It's springtime in America, with birds and flowers, when soft breezes blow and mass killers come out of hibernation. This week it was Binghamton, N.Y., not far from where I lived once, where my parents used to teach. On the strength of 98 pistol rounds and 13 deaths, Binghamton stole the media spotlight from Carthage, N.C., where earlier in the week another deranged gunman murdered seven senior citizens and a nurse. Carthage is just down the road from the hotel where my wife and I celebrated our first anniversary.
By now nearly everyone must have a personal connection to one of these massacre sites: This was America's fifth mass shooting in less than a month, with 38 victims dead and more gravely wounded. If we stick a pin in the map everywhere an armed lunatic has committed multiple murders, the map of America would have a distinctly porcupine appearance.
For gross irony and nausea, I thought it would be hard to upstage the North Carolina gunman who opened fire in a nursing home and killed a group of helpless people whose ages ranged up to 98 years. But in some ways the Binghamton slaughter was even more grotesque. The killer blasted his way into an immigration services center and murdered resident aliens and refugees who were studying to become American citizens. For the survivors, it was a lesson in American citizenship they will never forget. Send me your tired, your poor, your huddled masses yearning to breathe free—but for god's sake tell them to keep their heads down.
And avoid public places. The current crop of psychotic gunmen seems to seek what the military would call "target-rich" environments, where large groups of potential victims are preoccupied and stationary. Primary sites are classrooms, offices and workplaces. Theaters have a lot of potential, and the nursing home was a logical innovation. Churches are a particularly vulnerable environment, dramatized in Maryville, Ill., last month when a gunman strolled down the center aisle of the First Baptist Church and assassinated the Rev. Fred Winters while he was delivering his Sunday sermon. A chilling detail was that Rev. Winters deflected the first of four rounds with his Bible, which disintegrated into confetti as his killer kept firing.
So much for divine intervention. No force on earth or in heaven can protect us from America's staggering private arsenal—now conservatively estimated at 290 million firearms, virtually one for every man, woman and child—and the mentally unstable Americans who seem to own a disproportionate share of it. Certainly not the police, who are losing a desperate battle to protect themselves.
The day after the Binghamton massacre, three officers were murdered in Pittsburgh, ambushed by a white supremacist with an AK-47 assault rifle. This maniac, who also owned a .357 Magnum and other high-caliber pistols, was said to be enraged because he thought President Obama was scheming to confiscate his guns. (This rumor has triggered an unprecedented boom in the pistol market.) The week before in Oakland four policemen were killed when a routine traffic stop set off a trigger-happy parole violator. Cops know they sign on for a dangerous life, but it's not supposed to be like Afghanistan.
In a Palm Sunday service at St. Matthew's Episcopal Church, a lay reader prayed for the families of the victims in Carthage, as indicated in our programs, and ad-libbed an extra prayer for the survivors in Binghamton. If she had read the morning paper, she could have added the policemen's widows in Pittsburgh. Not even our prayers can keep up with the carnage. I feel that I've written these paragraphs, or ones much like them, many times before ... Columbine, Virginia Tech, Northern Illinois ... the cities and the details fade but not the helpless unreality of living in a ballistic republic. Forged in "the rockets' red glare, the bombs bursting in air," the United States is dissolving in a hail of bullets, bullets of our own manufacture and discharge. There is nothing like it anywhere.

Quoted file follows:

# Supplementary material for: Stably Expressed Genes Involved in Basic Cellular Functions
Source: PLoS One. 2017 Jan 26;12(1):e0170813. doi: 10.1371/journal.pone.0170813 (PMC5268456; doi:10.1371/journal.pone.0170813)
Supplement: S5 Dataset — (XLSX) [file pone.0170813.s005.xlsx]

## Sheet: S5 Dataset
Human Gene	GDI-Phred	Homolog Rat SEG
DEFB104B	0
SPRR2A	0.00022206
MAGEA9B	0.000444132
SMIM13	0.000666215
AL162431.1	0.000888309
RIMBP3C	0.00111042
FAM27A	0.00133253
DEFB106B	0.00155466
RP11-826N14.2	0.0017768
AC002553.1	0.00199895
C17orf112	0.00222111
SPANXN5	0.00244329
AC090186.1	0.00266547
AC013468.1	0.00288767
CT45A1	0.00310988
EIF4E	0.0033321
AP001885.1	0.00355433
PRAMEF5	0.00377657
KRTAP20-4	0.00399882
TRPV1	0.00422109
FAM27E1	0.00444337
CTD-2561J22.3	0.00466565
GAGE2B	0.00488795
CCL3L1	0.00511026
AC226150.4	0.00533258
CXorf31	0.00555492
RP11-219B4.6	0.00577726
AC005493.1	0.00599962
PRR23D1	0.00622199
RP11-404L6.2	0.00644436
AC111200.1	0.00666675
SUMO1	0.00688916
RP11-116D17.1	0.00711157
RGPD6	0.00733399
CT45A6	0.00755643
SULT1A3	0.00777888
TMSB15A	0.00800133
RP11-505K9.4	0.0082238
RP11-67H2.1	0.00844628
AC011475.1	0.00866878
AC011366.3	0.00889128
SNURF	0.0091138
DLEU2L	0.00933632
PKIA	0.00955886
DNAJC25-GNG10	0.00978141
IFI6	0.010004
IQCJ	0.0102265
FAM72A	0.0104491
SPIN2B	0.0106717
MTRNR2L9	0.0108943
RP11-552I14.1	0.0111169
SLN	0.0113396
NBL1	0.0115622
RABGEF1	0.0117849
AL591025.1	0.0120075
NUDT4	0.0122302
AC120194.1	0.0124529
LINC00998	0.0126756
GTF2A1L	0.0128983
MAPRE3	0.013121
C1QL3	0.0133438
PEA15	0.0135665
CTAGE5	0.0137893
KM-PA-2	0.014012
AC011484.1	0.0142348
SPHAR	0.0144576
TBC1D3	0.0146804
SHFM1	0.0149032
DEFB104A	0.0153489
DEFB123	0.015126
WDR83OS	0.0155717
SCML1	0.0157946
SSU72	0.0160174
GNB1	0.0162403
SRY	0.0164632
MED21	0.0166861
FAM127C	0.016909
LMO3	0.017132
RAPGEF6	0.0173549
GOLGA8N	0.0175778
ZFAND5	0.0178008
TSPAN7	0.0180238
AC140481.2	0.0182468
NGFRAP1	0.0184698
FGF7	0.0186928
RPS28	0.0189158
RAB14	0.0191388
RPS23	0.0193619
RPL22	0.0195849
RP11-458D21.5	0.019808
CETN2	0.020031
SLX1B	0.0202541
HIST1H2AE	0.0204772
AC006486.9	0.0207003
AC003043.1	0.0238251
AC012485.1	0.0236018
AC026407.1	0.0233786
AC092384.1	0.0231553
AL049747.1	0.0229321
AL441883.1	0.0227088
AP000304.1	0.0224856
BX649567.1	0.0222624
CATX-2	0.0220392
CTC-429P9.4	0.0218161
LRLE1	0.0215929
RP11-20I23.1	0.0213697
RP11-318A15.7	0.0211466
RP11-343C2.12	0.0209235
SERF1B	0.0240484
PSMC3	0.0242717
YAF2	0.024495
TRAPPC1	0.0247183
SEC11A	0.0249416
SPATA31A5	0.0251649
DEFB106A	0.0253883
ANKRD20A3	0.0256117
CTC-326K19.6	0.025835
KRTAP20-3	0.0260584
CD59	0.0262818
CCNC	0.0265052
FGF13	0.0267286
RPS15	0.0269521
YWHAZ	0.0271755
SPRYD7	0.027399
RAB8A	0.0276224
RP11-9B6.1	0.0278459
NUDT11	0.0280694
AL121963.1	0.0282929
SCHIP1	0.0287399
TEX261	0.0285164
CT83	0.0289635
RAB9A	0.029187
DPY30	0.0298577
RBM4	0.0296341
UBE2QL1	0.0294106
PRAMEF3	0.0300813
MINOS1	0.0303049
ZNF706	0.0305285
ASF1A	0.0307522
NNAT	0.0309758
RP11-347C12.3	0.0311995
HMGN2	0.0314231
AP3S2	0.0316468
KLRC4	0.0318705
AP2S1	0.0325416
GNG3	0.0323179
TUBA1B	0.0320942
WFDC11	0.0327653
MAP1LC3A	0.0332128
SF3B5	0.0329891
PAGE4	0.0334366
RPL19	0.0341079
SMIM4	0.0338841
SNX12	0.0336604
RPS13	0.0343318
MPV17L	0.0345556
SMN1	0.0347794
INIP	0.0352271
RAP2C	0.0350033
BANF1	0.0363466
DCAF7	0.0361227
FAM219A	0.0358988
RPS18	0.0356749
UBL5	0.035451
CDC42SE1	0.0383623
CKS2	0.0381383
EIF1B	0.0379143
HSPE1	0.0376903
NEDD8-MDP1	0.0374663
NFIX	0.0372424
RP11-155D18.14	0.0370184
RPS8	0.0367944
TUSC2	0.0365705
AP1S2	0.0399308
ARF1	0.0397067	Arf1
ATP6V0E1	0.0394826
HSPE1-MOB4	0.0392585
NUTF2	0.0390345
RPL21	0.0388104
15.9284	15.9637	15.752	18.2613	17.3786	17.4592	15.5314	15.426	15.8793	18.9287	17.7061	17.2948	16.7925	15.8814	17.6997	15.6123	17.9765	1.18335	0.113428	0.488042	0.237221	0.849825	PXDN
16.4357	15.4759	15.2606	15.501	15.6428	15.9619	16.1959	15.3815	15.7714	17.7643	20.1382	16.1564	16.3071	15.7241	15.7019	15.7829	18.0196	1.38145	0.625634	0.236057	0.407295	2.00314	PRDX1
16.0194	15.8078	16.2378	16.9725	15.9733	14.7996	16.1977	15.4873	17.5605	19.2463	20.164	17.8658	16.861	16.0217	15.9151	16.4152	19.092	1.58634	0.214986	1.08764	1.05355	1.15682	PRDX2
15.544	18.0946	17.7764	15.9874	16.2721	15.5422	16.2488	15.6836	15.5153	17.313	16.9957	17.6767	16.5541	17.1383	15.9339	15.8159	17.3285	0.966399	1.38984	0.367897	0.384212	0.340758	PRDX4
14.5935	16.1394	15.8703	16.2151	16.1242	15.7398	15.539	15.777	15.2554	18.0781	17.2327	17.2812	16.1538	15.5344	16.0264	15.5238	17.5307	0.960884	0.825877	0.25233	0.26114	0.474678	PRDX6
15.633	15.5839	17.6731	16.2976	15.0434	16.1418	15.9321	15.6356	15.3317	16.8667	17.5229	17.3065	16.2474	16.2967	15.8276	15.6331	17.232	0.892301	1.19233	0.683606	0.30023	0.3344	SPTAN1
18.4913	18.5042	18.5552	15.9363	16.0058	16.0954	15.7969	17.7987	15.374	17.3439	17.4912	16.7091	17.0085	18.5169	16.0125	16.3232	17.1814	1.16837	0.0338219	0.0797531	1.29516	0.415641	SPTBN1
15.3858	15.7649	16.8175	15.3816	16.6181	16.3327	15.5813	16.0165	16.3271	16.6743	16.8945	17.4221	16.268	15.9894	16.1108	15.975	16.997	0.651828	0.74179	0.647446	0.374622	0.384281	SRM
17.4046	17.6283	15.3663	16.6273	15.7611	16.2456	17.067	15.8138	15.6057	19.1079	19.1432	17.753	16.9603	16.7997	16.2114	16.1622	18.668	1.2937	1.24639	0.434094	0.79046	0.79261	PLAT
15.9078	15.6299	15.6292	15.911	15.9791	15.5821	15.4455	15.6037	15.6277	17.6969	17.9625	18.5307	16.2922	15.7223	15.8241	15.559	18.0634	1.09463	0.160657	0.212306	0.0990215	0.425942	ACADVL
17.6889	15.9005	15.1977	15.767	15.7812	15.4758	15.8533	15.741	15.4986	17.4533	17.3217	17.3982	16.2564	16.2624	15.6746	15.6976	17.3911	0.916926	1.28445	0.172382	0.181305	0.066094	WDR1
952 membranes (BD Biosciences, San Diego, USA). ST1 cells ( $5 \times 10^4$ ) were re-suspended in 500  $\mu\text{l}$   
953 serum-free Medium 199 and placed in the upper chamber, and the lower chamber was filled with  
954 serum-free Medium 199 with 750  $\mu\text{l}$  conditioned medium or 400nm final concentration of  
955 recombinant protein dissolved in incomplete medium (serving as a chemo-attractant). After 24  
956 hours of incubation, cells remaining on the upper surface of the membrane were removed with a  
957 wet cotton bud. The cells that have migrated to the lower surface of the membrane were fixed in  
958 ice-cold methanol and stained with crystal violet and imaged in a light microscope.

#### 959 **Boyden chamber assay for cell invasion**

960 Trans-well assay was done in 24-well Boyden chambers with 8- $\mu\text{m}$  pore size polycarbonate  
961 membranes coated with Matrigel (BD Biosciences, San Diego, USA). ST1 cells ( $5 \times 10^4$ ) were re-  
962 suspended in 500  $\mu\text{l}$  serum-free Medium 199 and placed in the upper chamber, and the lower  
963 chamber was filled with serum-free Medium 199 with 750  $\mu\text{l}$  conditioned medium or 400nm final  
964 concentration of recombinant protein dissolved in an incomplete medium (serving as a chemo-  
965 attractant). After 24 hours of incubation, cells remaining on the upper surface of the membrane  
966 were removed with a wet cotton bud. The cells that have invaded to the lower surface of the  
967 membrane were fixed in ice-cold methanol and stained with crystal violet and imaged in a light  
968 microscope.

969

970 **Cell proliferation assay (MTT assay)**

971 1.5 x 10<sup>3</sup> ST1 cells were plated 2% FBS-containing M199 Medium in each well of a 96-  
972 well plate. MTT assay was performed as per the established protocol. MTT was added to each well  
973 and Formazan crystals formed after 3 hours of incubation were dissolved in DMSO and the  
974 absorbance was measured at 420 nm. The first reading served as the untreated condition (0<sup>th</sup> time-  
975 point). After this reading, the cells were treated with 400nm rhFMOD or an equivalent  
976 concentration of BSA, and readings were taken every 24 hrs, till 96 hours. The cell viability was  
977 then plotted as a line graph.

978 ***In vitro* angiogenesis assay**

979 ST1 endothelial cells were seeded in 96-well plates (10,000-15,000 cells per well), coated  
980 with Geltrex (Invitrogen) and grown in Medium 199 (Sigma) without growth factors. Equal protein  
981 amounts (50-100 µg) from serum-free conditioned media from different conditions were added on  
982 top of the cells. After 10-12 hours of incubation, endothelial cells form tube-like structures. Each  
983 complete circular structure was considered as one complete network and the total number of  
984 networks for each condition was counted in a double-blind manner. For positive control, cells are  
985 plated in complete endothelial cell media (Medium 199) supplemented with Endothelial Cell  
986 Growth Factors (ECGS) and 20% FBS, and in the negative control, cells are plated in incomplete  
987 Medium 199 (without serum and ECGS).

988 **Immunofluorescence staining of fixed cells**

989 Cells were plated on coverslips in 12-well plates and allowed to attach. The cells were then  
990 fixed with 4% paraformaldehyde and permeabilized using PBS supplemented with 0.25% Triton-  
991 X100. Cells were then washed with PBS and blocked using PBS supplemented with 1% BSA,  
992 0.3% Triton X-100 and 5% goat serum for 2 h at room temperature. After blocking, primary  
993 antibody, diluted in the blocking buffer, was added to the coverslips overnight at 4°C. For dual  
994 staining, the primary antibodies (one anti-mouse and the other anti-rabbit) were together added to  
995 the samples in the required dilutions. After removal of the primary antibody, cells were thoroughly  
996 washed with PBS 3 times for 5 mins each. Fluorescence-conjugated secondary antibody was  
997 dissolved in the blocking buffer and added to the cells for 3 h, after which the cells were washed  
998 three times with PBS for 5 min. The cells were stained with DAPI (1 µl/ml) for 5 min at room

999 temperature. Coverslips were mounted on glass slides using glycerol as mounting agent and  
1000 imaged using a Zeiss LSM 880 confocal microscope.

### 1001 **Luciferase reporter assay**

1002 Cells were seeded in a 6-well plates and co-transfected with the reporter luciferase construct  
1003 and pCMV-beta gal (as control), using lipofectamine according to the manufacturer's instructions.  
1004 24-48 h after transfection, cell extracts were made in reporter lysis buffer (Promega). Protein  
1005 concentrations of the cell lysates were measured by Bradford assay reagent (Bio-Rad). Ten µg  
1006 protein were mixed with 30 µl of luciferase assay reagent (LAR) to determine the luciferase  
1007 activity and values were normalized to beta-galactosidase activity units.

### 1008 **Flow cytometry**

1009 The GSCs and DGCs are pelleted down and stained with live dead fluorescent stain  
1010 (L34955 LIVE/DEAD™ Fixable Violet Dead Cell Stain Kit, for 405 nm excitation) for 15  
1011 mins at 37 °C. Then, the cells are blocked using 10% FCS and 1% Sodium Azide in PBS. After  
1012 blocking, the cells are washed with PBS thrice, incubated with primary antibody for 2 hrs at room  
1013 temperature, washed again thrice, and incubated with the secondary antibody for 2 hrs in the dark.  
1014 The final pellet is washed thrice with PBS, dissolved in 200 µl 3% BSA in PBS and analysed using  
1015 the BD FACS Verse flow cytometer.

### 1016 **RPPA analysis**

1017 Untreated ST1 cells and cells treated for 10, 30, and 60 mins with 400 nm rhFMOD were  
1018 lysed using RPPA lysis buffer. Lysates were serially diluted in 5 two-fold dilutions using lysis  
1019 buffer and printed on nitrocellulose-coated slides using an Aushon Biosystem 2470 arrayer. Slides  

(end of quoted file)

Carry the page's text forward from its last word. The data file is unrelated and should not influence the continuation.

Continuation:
It might be hard to prove that Americans are crazier than everyone else, that homicidal violence is programmed into our DNA or absorbed with our mothers' milk. Strictly speaking, some of the most efficient mass murderers have not been American, at least not native-born. The killer in Binghamton was a naturalized Vietnamese immigrant; the Virginia Tech gunman was a Korean exchange student. In my wife's hometown of Grundy, Va., it was an African graduate student who opened fire in the Appalachian School of Law and murdered the dean, among others. Unstable people looking for a better education and a better life come to America, where they're often disappointed. But here in the somewhat faded Land of Opportunity there's one equal opportunity they're never denied—the opportunity to acquire lethal firearms and to use them.
It's not our people who are hopelessly insane. It's our laws. While they were carrying out the corpses in Binghamton, I turned confidently to Fox News for the best writhing and rationalizing. "What can we do?" asked one reporter, with a properly tortured expression. He didn't try to answer—this is called hand-wringing with one hand—because the only obvious, sane answer is "Try to pry some of this terrifying firepower out of the hands of private citizens."
And this answer is not politically permissible, on Fox News or in Binghamton, where a local official said, "There's not much we can do if a crazy person decides to start shooting." There's not much anyone can do as long as the National Rifle Association maintains an impassable road block between America and its brain, its common sense and its self-respect.
The gun lobby's basic mission is to guarantee that every American, not excluding the desperate and the deranged, can purchase all the firepower his feverish heart desires. In principle they'd prefer to disarm psychotics, but how, they ask, could we identify the mad—among the healthy population of patriotic, law-abiding marksmen—when most of them have no criminal records and no previous history of violence? Of course this question decisively undermines every argument against gun control. Mental illness is a constant; lethal weapons are ostensibly a variable. But the NRA doesn't appear to grasp that, or grasps it and doesn't care. Though they've never won an argument (or ever presented one that would sway an 11-year-old), the NRA rarely loses an election or a legislative battle where gun control is the issue.